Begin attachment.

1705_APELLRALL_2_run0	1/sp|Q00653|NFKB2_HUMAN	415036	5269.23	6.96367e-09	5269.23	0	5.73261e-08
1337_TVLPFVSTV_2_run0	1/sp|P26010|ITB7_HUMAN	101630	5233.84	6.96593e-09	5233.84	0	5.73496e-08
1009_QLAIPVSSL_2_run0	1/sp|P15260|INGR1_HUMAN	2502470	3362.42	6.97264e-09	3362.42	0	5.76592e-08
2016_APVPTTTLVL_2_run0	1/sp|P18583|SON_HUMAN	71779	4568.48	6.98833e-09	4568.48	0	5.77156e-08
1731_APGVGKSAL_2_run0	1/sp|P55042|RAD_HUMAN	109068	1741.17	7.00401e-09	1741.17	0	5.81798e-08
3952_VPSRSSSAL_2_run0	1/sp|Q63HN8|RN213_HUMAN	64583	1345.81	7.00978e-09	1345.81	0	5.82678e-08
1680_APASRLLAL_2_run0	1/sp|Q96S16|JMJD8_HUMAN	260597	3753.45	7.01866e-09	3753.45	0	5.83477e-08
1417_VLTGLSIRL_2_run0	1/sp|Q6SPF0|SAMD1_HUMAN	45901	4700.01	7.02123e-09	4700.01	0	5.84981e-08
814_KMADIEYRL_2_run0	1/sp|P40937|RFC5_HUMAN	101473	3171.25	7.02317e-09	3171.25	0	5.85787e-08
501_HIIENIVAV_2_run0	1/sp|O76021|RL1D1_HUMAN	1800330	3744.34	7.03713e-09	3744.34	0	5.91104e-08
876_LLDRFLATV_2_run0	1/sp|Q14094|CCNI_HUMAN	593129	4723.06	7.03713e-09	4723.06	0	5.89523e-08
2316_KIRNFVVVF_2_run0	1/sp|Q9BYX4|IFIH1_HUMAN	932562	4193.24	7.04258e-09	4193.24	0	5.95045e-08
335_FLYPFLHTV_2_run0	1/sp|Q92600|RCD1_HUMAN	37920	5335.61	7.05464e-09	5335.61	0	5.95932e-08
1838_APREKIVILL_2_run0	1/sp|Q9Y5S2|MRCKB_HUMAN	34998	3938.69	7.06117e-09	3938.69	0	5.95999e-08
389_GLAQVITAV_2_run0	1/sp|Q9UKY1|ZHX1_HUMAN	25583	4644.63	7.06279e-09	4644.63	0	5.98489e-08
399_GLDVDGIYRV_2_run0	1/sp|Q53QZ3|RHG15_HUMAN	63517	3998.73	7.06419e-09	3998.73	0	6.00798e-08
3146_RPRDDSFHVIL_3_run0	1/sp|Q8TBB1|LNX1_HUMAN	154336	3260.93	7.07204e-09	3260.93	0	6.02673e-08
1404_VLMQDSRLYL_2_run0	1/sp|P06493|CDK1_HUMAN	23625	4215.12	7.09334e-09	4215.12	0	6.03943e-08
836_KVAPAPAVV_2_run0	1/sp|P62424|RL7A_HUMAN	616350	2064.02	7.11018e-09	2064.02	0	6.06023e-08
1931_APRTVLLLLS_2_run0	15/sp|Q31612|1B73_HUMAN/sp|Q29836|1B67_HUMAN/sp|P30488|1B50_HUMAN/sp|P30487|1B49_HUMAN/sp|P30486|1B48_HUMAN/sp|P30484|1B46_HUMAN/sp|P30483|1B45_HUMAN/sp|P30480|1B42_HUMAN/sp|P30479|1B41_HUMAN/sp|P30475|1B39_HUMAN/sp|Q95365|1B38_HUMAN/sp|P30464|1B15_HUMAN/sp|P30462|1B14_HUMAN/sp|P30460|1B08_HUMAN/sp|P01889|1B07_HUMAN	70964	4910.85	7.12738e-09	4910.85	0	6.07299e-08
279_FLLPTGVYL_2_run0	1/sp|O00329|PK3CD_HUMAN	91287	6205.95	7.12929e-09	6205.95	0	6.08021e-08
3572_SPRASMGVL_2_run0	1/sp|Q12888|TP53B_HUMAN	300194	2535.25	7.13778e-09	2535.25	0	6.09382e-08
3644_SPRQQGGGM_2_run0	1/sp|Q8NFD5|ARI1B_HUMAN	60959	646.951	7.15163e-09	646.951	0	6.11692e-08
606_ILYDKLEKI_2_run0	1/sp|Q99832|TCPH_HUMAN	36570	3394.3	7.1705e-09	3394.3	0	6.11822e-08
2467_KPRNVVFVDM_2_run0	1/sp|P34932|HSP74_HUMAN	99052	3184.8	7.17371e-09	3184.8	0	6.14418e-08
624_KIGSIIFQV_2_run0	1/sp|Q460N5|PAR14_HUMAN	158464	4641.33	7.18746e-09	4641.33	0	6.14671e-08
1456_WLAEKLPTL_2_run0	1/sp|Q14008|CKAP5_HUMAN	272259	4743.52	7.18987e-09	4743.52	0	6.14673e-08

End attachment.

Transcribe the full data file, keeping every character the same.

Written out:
1705_APELLRALL_2_run0	1/sp|Q00653|NFKB2_HUMAN	415036	5269.23	6.96367e-09	5269.23	0	5.73261e-08
1337_TVLPFVSTV_2_run0	1/sp|P26010|ITB7_HUMAN	101630	5233.84	6.96593e-09	5233.84	0	5.73496e-08
1009_QLAIPVSSL_2_run0	1/sp|P15260|INGR1_HUMAN	2502470	3362.42	6.97264e-09	3362.42	0	5.76592e-08
2016_APVPTTTLVL_2_run0	1/sp|P18583|SON_HUMAN	71779	4568.48	6.98833e-09	4568.48	0	5.77156e-08
1731_APGVGKSAL_2_run0	1/sp|P55042|RAD_HUMAN	109068	1741.17	7.00401e-09	1741.17	0	5.81798e-08
3952_VPSRSSSAL_2_run0	1/sp|Q63HN8|RN213_HUMAN	64583	1345.81	7.00978e-09	1345.81	0	5.82678e-08
1680_APASRLLAL_2_run0	1/sp|Q96S16|JMJD8_HUMAN	260597	3753.45	7.01866e-09	3753.45	0	5.83477e-08
1417_VLTGLSIRL_2_run0	1/sp|Q6SPF0|SAMD1_HUMAN	45901	4700.01	7.02123e-09	4700.01	0	5.84981e-08
814_KMADIEYRL_2_run0	1/sp|P40937|RFC5_HUMAN	101473	3171.25	7.02317e-09	3171.25	0	5.85787e-08
501_HIIENIVAV_2_run0	1/sp|O76021|RL1D1_HUMAN	1800330	3744.34	7.03713e-09	3744.34	0	5.91104e-08
876_LLDRFLATV_2_run0	1/sp|Q14094|CCNI_HUMAN	593129	4723.06	7.03713e-09	4723.06	0	5.89523e-08
2316_KIRNFVVVF_2_run0	1/sp|Q9BYX4|IFIH1_HUMAN	932562	4193.24	7.04258e-09	4193.24	0	5.95045e-08
335_FLYPFLHTV_2_run0	1/sp|Q92600|RCD1_HUMAN	37920	5335.61	7.05464e-09	5335.61	0	5.95932e-08
1838_APREKIVILL_2_run0	1/sp|Q9Y5S2|MRCKB_HUMAN	34998	3938.69	7.06117e-09	3938.69	0	5.95999e-08
389_GLAQVITAV_2_run0	1/sp|Q9UKY1|ZHX1_HUMAN	25583	4644.63	7.06279e-09	4644.63	0	5.98489e-08
399_GLDVDGIYRV_2_run0	1/sp|Q53QZ3|RHG15_HUMAN	63517	3998.73	7.06419e-09	3998.73	0	6.00798e-08
3146_RPRDDSFHVIL_3_run0	1/sp|Q8TBB1|LNX1_HUMAN	154336	3260.93	7.07204e-09	3260.93	0	6.02673e-08
1404_VLMQDSRLYL_2_run0	1/sp|P06493|CDK1_HUMAN	23625	4215.12	7.09334e-09	4215.12	0	6.03943e-08
836_KVAPAPAVV_2_run0	1/sp|P62424|RL7A_HUMAN	616350	2064.02	7.11018e-09	2064.02	0	6.06023e-08
1931_APRTVLLLLS_2_run0	15/sp|Q31612|1B73_HUMAN/sp|Q29836|1B67_HUMAN/sp|P30488|1B50_HUMAN/sp|P30487|1B49_HUMAN/sp|P30486|1B48_HUMAN/sp|P30484|1B46_HUMAN/sp|P30483|1B45_HUMAN/sp|P30480|1B42_HUMAN/sp|P30479|1B41_HUMAN/sp|P30475|1B39_HUMAN/sp|Q95365|1B38_HUMAN/sp|P30464|1B15_HUMAN/sp|P30462|1B14_HUMAN/sp|P30460|1B08_HUMAN/sp|P01889|1B07_HUMAN	70964	4910.85	7.12738e-09	4910.85	0	6.07299e-08
279_FLLPTGVYL_2_run0	1/sp|O00329|PK3CD_HUMAN	91287	6205.95	7.12929e-09	6205.95	0	6.08021e-08
3572_SPRASMGVL_2_run0	1/sp|Q12888|TP53B_HUMAN	300194	2535.25	7.13778e-09	2535.25	0	6.09382e-08
3644_SPRQQGGGM_2_run0	1/sp|Q8NFD5|ARI1B_HUMAN	60959	646.951	7.15163e-09	646.951	0	6.11692e-08
606_ILYDKLEKI_2_run0	1/sp|Q99832|TCPH_HUMAN	36570	3394.3	7.1705e-09	3394.3	0	6.11822e-08
2467_KPRNVVFVDM_2_run0	1/sp|P34932|HSP74_HUMAN	99052	3184.8	7.17371e-09	3184.8	0	6.14418e-08
624_KIGSIIFQV_2_run0	1/sp|Q460N5|PAR14_HUMAN	158464	4641.33	7.18746e-09	4641.33	0	6.14671e-08
1456_WLAEKLPTL_2_run0	1/sp|Q14008|CKAP5_HUMAN	272259	4743.52	7.18987e-09	4743.52	0	6.14673e-08